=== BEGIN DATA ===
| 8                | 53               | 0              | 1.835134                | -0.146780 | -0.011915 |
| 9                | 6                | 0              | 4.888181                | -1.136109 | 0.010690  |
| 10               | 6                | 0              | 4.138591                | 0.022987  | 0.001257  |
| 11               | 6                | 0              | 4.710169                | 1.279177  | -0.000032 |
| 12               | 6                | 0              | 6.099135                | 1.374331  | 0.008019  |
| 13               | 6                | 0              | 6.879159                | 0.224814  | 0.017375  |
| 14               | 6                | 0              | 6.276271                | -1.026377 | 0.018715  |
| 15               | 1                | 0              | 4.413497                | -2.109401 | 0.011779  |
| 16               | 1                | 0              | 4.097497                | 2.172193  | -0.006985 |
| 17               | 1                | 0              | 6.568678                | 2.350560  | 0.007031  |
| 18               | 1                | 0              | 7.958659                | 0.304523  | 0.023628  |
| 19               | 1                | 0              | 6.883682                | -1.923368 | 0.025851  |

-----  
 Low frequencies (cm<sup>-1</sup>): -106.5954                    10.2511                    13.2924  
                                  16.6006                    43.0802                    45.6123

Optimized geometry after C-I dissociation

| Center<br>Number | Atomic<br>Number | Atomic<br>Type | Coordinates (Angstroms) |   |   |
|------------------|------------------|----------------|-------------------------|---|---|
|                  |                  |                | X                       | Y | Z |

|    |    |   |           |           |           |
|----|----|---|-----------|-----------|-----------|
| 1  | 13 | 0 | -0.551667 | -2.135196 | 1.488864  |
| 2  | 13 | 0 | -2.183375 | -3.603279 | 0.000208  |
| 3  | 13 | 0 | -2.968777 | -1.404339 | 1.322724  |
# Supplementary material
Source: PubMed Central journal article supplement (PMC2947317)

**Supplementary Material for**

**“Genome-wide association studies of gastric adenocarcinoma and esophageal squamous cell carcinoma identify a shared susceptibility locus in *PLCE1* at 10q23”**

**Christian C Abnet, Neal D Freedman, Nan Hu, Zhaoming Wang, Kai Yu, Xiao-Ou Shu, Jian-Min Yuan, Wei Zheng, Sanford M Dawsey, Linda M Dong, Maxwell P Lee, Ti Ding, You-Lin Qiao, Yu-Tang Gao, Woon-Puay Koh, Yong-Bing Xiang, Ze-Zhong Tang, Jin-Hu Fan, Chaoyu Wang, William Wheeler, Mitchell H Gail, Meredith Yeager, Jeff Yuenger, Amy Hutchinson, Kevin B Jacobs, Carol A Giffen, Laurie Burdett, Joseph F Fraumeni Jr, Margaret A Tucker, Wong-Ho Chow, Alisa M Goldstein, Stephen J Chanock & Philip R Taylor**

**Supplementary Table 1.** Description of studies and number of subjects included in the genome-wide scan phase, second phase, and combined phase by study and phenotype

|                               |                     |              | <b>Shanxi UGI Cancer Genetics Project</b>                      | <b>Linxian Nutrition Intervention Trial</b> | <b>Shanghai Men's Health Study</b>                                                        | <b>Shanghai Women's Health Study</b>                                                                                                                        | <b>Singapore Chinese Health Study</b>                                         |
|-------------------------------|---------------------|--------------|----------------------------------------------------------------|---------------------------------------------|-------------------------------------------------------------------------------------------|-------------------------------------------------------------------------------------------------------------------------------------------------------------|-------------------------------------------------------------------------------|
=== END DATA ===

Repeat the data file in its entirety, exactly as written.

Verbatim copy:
| 8                | 53               | 0              | 1.835134                | -0.146780 | -0.011915 |
| 9                | 6                | 0              | 4.888181                | -1.136109 | 0.010690  |
| 10               | 6                | 0              | 4.138591                | 0.022987  | 0.001257  |
| 11               | 6                | 0              | 4.710169                | 1.279177  | -0.000032 |
| 12               | 6                | 0              | 6.099135                | 1.374331  | 0.008019  |
| 13               | 6                | 0              | 6.879159                | 0.224814  | 0.017375  |
| 14               | 6                | 0              | 6.276271                | -1.026377 | 0.018715  |
| 15               | 1                | 0              | 4.413497                | -2.109401 | 0.011779  |
| 16               | 1                | 0              | 4.097497                | 2.172193  | -0.006985 |
| 17               | 1                | 0              | 6.568678                | 2.350560  | 0.007031  |
| 18               | 1                | 0              | 7.958659                | 0.304523  | 0.023628  |
| 19               | 1                | 0              | 6.883682                | -1.923368 | 0.025851  |

-----  
 Low frequencies (cm<sup>-1</sup>): -106.5954                    10.2511                    13.2924  
                                  16.6006                    43.0802                    45.6123

Optimized geometry after C-I dissociation

| Center<br>Number | Atomic<br>Number | Atomic<br>Type | Coordinates (Angstroms) |   |   |
|------------------|------------------|----------------|-------------------------|---|---|
|                  |                  |                | X                       | Y | Z |

|    |    |   |           |           |           |
|----|----|---|-----------|-----------|-----------|
| 1  | 13 | 0 | -0.551667 | -2.135196 | 1.488864  |
| 2  | 13 | 0 | -2.183375 | -3.603279 | 0.000208  |
| 3  | 13 | 0 | -2.968777 | -1.404339 | 1.322724  |
# Supplementary material
Source: PubMed Central journal article supplement (PMC2947317)

**Supplementary Material for**

**“Genome-wide association studies of gastric adenocarcinoma and esophageal squamous cell carcinoma identify a shared susceptibility locus in *PLCE1* at 10q23”**

**Christian C Abnet, Neal D Freedman, Nan Hu, Zhaoming Wang, Kai Yu, Xiao-Ou Shu, Jian-Min Yuan, Wei Zheng, Sanford M Dawsey, Linda M Dong, Maxwell P Lee, Ti Ding, You-Lin Qiao, Yu-Tang Gao, Woon-Puay Koh, Yong-Bing Xiang, Ze-Zhong Tang, Jin-Hu Fan, Chaoyu Wang, William Wheeler, Mitchell H Gail, Meredith Yeager, Jeff Yuenger, Amy Hutchinson, Kevin B Jacobs, Carol A Giffen, Laurie Burdett, Joseph F Fraumeni Jr, Margaret A Tucker, Wong-Ho Chow, Alisa M Goldstein, Stephen J Chanock & Philip R Taylor**

**Supplementary Table 1.** Description of studies and number of subjects included in the genome-wide scan phase, second phase, and combined phase by study and phenotype

|                               |                     |              | <b>Shanxi UGI Cancer Genetics Project</b>                      | <b>Linxian Nutrition Intervention Trial</b> | <b>Shanghai Men's Health Study</b>                                                        | <b>Shanghai Women's Health Study</b>                                                                                                                        | <b>Singapore Chinese Health Study</b>                                         |
|-------------------------------|---------------------|--------------|----------------------------------------------------------------|---------------------------------------------|-------------------------------------------------------------------------------------------|-------------------------------------------------------------------------------------------------------------------------------------------------------------|-------------------------------------------------------------------------------|